Fair Use Definition and Legal Meaning

On this page, you'll find the legal definition and meaning of Fair Use, written in plain English, along with examples of how it is used.

What is Fair Use?

n. The right to utilize a copyrighted material without compensating the author or fear of being sued for copyright infringement. Copy machines can be used to copy pages of texts, charts, act., without infringing the copyright if used in classrooms or as advice to employees. For example: Professor Elmer Smedley makes 100 copies of a photograph from Time magazine of starving Somalians to illustrate to his students the deprivations in Africa (which is fair use), but then Smedley publishes a book Africa on the Brink, and uses the photograph in a chapter on starvation (not fair use), and is responsible to the photographer for a royalty.

History and Meaning of Fair Use

Fair use is a doctrine that allows the limited use of copyrighted material without asking permission from the rights holder or paying royalties. This legal concept was developed in the United States as part of copyright law, and its purpose is to balance the interests of copyright owners and the public's interest in accessing and using works. In general, fair use is determined by considering four factors: the purpose and character of the use, the nature of the copyrighted work, the amount and substantiality of the portion used, and the effect of the use on the potential market for or value of the copyrighted work.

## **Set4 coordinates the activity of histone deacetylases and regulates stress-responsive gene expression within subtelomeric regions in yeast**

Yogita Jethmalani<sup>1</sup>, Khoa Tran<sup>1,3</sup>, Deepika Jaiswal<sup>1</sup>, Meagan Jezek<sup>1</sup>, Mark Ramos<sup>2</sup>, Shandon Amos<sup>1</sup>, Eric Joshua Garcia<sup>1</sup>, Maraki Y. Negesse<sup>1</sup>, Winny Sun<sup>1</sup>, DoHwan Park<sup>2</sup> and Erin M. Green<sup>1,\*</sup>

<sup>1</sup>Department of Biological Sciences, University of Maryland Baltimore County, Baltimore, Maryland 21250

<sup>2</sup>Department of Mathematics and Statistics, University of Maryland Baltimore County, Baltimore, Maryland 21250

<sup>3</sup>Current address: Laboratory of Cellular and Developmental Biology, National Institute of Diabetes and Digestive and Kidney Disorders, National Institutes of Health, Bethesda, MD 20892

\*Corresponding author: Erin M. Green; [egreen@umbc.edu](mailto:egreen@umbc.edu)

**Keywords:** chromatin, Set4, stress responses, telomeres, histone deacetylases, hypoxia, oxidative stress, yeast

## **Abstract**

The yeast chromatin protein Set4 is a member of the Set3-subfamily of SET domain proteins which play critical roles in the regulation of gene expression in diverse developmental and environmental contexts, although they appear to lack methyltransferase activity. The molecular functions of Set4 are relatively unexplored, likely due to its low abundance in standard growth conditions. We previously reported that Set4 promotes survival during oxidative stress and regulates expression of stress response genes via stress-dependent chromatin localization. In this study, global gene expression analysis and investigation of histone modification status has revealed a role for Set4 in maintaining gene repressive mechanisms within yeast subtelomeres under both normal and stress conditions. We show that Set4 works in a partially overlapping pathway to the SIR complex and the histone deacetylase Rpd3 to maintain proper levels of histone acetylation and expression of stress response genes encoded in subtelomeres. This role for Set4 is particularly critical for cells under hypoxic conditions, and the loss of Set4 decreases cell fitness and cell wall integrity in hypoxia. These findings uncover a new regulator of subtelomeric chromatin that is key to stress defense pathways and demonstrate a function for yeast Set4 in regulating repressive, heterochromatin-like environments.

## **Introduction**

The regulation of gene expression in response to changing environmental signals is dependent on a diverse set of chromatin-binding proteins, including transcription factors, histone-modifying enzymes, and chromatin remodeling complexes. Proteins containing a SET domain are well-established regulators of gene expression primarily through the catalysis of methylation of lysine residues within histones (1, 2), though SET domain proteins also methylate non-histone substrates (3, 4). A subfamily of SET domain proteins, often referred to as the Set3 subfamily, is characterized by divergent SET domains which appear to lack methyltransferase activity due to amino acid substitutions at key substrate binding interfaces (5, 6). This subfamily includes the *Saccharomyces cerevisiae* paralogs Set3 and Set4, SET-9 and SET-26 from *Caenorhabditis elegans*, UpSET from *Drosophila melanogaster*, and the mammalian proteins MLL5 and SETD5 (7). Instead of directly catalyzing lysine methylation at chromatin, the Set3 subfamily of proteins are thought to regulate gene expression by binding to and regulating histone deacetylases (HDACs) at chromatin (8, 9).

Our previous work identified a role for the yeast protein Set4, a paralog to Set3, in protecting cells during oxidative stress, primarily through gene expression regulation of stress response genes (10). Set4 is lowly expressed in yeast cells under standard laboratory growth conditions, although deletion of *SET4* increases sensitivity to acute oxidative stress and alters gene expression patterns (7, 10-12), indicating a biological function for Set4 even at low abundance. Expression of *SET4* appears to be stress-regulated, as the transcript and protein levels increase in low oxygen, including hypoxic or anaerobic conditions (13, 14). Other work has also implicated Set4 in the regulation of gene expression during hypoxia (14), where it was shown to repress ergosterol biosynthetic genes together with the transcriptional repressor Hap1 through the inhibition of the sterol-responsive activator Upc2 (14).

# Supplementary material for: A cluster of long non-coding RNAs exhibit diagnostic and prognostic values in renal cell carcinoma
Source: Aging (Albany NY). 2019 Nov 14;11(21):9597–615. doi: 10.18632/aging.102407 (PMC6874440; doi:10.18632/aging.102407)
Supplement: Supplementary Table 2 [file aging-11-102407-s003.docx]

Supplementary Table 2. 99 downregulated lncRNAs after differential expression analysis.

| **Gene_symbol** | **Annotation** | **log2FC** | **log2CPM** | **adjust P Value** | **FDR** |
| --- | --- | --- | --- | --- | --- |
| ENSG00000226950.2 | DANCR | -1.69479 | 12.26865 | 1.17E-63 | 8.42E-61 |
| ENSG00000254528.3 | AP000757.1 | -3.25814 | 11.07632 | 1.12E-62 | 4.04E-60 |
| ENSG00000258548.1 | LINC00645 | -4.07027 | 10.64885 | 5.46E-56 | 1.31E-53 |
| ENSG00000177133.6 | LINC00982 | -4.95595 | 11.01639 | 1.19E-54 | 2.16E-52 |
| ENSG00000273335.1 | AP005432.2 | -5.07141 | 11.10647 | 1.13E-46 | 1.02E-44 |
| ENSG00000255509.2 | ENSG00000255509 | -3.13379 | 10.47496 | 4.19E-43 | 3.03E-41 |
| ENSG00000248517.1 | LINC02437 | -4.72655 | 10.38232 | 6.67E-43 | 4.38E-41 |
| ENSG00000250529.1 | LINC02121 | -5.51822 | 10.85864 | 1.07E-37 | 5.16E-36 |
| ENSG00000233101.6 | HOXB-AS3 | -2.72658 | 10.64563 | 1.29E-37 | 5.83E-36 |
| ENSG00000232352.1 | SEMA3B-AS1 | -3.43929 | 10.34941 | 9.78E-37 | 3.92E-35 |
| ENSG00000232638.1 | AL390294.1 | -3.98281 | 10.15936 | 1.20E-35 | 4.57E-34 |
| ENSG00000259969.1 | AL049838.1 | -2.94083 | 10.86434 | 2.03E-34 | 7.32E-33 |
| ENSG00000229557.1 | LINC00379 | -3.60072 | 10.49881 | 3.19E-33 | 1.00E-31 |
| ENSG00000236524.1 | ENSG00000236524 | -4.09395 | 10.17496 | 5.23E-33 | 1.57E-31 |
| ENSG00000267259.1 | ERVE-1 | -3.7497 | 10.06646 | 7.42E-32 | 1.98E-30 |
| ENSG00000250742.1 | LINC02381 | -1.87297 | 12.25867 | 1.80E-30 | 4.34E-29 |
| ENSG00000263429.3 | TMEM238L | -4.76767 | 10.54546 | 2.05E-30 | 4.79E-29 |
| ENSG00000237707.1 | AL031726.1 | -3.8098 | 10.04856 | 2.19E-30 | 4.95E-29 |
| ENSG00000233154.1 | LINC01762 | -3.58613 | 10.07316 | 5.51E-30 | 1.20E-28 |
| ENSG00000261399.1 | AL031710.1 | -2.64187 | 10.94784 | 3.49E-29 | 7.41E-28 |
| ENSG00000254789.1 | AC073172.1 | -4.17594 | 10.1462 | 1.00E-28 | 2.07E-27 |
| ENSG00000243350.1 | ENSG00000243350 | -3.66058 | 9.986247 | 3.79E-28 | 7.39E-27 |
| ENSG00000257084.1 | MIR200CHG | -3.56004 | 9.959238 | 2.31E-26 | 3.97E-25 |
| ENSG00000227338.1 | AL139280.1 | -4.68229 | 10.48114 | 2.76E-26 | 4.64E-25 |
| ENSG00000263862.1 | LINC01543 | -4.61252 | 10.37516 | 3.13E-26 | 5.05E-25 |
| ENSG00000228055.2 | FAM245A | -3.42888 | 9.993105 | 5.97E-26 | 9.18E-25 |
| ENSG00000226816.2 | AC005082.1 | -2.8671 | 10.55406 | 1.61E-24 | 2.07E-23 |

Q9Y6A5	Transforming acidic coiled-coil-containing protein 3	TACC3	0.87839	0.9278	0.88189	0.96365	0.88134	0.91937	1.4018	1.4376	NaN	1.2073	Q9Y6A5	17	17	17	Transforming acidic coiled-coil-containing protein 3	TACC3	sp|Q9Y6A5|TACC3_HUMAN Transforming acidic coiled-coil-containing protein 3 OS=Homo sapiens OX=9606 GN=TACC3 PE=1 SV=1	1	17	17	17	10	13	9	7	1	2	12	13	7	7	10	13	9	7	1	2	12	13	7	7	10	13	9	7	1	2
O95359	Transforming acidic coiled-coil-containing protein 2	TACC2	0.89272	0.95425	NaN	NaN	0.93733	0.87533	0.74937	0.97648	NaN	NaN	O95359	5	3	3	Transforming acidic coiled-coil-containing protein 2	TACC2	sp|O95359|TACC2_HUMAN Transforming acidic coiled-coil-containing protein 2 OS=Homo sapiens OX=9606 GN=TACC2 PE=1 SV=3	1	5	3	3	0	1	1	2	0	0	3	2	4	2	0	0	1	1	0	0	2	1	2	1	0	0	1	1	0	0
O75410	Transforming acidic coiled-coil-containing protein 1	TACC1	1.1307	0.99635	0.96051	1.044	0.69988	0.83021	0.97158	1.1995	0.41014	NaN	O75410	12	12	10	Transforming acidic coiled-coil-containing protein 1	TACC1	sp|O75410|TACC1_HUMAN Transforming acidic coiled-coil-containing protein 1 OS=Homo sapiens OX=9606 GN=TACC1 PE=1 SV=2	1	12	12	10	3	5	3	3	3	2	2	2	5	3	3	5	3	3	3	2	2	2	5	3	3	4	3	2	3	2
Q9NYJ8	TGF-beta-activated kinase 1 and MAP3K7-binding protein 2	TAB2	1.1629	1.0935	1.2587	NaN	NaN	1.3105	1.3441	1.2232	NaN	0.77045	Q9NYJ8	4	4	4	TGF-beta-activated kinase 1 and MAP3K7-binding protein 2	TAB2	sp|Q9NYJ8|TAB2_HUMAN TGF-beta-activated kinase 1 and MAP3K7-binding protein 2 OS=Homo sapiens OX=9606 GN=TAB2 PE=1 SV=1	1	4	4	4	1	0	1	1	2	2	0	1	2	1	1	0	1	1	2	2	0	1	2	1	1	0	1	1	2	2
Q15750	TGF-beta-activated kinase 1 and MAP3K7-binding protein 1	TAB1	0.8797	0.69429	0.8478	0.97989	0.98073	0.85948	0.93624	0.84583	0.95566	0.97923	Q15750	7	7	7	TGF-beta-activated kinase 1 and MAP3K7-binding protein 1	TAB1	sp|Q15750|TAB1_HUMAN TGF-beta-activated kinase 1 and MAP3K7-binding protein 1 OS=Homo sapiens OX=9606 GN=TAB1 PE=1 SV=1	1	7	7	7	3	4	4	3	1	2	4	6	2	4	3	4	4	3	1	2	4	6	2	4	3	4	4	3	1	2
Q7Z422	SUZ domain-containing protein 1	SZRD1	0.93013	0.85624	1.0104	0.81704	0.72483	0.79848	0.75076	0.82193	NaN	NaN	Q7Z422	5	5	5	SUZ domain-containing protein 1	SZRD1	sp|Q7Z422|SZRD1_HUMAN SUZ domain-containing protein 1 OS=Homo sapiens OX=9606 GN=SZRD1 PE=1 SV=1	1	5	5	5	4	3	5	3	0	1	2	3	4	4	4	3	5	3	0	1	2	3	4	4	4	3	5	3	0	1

Examples of Fair Use

  • A movie critic quotes a few lines of dialogue from a movie in his review.
  • A teacher plays a short clip from a documentary in her classroom to illustrate a point.
  • A news report shows a photograph of a politician that was taken by a professional photographer but is used in a news story about the politician's policy.
  • A comedian makes a parody of a popular song.

Legal Terms Similar to Fair Use

  • Creative Commons: A nonprofit organization that provides free licenses to creators to make their works available to the public while still retaining some rights.
  • Public Domain: Works that are not protected by copyright law because their intellectual property rights have expired or were never owned by anyone.
  • Transformative Use: Uses of copyrighted material that add new meaning, expression, or value, and are therefore more likely to be considered fair use.
  • Permission to Use: When a copyright owner grants permission to someone else to use their work in a specific way in exchange for payment, attribution, or other conditions.